Outcomes

All outcomes concerning patients, their family members, staff and the care organization were considered.

Study selection

After the removal of duplicates, two authors (AP, KLe/SA) independently screened the titles of the studies. Studies that were clearly not relevant based on their title were excluded. Next, the abstracts of the remaining studies were rated as either “relevant”, “uncertain” or “irrelevant”, based on the inclusion criteria. In cases where it was not entirely clear whether the study described interventions relevant to this review, the study was included. Finally, studies rated as relevant or uncertain were read in full and screened based on the inclusion criteria. Doubtful titles, abstracts and full articles were discussed among the authors (Figure 1).

Data extraction

Data were extracted from each paper included in the review by two authors (AR, EM/KLu) independently. These data included specific details about interventions, study methods, participants and outcomes of significance to the review.

Quality appraisal

The articles were assessed for quality using the Effective Public Health Practice Project (EPHPP) Quality Assessment Tool for Quantitative Studies criteria (http://www.ephpp.ca/tools.html), which consider quality from six perspectives: 1) selection bias, 2) study design, 3) confounders, 4) blinding, 5) the data collection method and 6) withdrawals and dropouts. Based on the total scores from these perspectives, the quality of each study was classified as strong, moderate or weak.

Quality was assessed for eleven articles that met the inclusion criteria. Two of the three researchers (AR, EM, KLu) independently assessed the quality of each study before the appraisals were compared. In cases where total scores differed, the researchers discussed their assessments until they reached agreement on the most appropriate score. Based on the EPHPP criteria, three of the articles reviewed were rated as strong in quality [21,22,47],six as moderate in quality [23,28,39,4850] and two as weak in quality [51,52].Nine articles were included in the systematic literature review (Table 1).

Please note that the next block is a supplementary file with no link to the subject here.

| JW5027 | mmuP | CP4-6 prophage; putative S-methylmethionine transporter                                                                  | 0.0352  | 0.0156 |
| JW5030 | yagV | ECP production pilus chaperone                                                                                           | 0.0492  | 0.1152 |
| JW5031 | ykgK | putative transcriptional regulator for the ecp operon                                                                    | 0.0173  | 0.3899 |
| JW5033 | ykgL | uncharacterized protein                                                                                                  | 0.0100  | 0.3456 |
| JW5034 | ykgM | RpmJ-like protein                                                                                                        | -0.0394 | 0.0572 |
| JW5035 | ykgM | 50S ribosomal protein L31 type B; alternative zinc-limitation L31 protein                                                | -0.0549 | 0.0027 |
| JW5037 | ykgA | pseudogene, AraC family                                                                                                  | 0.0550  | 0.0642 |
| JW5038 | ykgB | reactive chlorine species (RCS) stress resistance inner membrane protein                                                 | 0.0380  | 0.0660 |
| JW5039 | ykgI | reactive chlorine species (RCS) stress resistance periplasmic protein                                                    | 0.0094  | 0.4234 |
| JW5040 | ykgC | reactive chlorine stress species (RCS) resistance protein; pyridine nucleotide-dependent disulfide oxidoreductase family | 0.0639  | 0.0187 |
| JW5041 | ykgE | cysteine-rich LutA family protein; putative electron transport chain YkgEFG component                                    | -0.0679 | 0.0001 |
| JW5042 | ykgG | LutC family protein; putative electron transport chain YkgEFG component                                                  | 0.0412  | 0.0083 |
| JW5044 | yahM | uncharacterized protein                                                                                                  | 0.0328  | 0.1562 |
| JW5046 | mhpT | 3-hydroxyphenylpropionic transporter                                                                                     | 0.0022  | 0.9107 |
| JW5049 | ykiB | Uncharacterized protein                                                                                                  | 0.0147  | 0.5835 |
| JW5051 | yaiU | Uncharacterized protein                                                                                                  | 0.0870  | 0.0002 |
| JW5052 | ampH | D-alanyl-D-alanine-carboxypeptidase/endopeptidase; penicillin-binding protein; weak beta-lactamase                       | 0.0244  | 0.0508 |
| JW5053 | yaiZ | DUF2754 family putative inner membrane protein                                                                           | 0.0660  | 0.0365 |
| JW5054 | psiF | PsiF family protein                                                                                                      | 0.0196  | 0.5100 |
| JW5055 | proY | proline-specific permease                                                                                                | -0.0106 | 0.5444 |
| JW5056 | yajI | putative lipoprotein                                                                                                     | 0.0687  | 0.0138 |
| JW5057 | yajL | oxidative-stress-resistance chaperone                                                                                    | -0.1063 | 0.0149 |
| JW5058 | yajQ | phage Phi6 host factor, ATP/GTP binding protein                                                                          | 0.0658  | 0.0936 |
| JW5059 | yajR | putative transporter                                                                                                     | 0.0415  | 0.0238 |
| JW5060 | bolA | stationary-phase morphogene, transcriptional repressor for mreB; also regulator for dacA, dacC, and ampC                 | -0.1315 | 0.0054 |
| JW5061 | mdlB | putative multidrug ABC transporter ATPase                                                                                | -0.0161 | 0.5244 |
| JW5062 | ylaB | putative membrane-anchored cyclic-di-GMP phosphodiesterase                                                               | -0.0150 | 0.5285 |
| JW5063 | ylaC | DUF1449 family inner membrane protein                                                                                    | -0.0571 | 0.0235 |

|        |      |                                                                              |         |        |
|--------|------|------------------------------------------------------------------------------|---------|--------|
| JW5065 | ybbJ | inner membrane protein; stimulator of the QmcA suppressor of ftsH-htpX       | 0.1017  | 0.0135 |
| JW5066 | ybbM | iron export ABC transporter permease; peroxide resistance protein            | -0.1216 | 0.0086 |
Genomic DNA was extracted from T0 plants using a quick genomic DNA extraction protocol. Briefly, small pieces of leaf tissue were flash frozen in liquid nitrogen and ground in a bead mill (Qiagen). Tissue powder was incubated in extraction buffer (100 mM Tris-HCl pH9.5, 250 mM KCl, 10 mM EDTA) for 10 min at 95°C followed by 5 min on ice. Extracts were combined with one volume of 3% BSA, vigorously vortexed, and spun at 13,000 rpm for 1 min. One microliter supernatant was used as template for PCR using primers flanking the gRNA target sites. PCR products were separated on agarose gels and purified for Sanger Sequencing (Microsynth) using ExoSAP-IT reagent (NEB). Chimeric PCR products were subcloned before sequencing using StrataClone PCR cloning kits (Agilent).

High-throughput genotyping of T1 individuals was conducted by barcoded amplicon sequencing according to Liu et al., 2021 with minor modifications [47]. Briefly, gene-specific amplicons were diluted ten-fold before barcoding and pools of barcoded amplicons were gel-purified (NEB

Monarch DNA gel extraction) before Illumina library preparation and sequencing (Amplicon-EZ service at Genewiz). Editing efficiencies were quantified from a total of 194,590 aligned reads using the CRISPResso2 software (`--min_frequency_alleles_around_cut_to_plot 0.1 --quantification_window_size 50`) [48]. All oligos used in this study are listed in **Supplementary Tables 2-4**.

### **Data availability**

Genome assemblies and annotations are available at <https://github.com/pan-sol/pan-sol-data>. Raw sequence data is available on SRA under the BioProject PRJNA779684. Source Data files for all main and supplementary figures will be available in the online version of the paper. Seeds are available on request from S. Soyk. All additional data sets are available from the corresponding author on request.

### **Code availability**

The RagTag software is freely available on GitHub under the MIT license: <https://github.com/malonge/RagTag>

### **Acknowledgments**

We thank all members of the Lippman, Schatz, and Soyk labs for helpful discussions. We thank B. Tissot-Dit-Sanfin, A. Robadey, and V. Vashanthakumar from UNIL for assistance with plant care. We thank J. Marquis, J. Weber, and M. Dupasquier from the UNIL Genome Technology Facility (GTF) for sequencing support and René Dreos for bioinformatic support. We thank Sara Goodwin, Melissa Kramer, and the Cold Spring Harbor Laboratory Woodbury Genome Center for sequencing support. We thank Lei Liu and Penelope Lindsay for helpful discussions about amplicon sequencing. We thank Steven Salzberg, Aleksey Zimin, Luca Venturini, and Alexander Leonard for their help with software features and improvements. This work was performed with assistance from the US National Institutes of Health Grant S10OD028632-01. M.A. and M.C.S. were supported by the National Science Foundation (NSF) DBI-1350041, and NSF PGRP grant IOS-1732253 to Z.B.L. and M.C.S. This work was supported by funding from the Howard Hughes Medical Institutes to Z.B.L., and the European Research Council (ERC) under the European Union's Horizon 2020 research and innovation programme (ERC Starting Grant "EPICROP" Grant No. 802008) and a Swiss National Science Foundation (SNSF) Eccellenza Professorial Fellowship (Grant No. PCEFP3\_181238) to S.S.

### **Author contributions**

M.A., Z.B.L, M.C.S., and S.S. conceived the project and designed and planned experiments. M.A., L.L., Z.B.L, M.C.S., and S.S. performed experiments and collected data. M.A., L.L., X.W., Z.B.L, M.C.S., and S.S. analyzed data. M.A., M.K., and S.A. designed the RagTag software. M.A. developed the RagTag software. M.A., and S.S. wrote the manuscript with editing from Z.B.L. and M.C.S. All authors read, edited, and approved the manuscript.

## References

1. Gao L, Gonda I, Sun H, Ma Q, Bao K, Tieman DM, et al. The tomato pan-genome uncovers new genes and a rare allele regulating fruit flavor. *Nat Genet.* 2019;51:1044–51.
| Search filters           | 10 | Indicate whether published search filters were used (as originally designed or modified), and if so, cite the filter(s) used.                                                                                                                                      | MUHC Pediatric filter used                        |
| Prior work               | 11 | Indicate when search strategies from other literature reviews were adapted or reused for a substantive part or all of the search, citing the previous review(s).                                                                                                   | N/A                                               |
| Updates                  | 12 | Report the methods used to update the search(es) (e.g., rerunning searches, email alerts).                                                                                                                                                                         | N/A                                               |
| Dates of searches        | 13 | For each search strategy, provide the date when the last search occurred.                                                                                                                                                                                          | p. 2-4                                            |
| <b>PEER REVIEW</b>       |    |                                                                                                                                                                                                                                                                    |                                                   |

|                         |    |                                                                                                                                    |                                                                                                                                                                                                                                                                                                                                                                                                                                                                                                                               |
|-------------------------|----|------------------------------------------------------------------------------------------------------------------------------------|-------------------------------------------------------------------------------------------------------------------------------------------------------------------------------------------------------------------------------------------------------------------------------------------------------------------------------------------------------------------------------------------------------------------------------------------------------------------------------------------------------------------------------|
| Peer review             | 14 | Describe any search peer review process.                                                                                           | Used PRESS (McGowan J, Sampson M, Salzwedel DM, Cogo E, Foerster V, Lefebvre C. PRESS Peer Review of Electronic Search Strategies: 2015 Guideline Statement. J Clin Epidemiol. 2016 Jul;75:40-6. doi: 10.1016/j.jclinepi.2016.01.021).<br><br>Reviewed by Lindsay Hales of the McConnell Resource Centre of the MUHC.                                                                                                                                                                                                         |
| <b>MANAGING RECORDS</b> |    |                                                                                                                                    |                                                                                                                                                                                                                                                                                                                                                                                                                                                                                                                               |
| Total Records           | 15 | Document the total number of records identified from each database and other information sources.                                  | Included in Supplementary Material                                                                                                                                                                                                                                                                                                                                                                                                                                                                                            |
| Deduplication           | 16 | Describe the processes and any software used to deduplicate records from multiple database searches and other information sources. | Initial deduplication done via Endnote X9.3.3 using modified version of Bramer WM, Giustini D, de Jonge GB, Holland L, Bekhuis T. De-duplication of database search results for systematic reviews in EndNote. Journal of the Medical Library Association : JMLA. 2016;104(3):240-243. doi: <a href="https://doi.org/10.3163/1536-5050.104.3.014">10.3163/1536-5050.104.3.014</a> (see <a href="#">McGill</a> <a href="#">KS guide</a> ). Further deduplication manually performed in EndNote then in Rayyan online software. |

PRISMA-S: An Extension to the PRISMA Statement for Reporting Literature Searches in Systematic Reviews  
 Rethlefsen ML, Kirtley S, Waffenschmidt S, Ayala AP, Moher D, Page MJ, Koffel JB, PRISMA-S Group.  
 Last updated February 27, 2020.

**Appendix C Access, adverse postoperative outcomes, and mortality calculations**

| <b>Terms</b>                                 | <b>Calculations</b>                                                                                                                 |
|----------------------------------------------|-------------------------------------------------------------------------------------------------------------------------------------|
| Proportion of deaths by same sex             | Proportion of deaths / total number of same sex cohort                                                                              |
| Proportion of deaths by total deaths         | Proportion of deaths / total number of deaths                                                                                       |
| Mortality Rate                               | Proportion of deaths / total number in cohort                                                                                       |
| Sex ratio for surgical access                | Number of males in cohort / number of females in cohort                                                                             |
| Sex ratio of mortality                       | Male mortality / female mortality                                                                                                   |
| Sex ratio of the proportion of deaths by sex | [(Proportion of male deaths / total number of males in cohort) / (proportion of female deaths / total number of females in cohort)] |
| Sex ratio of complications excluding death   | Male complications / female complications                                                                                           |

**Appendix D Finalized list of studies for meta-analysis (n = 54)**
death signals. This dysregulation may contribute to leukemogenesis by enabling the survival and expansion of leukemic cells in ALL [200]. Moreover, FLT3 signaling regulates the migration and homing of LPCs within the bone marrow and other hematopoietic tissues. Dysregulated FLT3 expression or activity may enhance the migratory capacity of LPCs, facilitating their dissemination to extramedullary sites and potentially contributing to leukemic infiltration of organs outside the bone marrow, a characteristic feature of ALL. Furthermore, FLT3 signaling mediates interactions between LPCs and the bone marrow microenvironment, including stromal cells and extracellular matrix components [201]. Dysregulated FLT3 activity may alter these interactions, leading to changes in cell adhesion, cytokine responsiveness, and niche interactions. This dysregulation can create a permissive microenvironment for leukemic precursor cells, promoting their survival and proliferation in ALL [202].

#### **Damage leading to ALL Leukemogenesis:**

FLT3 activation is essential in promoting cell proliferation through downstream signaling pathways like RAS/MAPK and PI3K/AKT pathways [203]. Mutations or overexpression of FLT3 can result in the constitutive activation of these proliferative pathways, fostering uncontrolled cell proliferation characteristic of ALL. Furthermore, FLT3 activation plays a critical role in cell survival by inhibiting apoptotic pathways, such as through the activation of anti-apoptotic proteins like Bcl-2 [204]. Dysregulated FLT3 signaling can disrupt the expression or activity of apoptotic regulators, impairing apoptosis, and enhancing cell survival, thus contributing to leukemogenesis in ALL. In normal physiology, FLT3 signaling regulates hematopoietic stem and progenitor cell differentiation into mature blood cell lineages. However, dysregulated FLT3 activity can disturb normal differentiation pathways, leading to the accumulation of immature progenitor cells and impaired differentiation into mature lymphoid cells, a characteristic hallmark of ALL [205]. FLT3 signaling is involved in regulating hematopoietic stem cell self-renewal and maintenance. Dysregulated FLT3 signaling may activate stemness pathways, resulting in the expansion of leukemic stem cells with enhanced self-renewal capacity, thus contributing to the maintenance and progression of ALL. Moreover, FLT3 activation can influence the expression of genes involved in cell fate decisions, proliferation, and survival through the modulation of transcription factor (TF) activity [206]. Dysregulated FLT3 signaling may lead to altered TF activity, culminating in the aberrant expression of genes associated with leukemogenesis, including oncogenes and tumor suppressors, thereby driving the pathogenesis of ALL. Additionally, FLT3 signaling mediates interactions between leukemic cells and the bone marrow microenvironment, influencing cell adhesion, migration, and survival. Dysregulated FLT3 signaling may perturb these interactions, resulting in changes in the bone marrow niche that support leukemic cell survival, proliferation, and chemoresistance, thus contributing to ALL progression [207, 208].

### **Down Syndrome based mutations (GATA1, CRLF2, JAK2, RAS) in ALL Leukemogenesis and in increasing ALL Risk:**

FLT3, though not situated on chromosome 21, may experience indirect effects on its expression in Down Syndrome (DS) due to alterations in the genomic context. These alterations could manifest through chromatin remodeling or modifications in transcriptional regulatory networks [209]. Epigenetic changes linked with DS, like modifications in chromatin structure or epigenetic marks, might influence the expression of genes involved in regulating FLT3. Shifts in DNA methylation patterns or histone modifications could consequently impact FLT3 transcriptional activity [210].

1 = strong, 2= moderate, 3= weak

Data analysis

Because of the wide diversity of types of interventions and outcome measures, it was decided that a quantitative synthesis of the data would not be justified and might be misleading [53]. Instead, content analysis of the interventions was based on a descriptive method [54].

Description of the data

Studies focusing on patients were conducted in surgical, medical, orthopaedic and maternity contexts [21,22,39,49,50], while studies concerned with nursing staff were conducted on surgical, medical and orthopaedic wards [23,39], as well as psychiatric wards [28,47].In studies which have focused on the organization [39,48], primary nursing and team nursing were compared by each model`s nursing costs per patient, per day. The cost included the salaries and fringe benefits for the direct care providers and support persons. In addition, the diagnosis related group (DRG) cost was calculated by length of stay. None of the studies dealt with patients’ family members. Three of the studies used RCT designs [21,22,49], the remaining four were intergroup pre-post measurements with control groups [28,47,50] or without them [22,39,48]. Sample sizes in experimental groups ranged from 49 to 917 and in control groups from 50 to 651. Response rates ranged from 41 to 100%, and the interventions lasted from seven months to four years. Two studies [49,50] did not report the duration of the intervention (Table 2). The mean age of the people taking part in the studies was between 20 and 60, and most of them were women. The mean age of nursing staff was between 31 and 35, and their mean period of work experience was 10–13 years.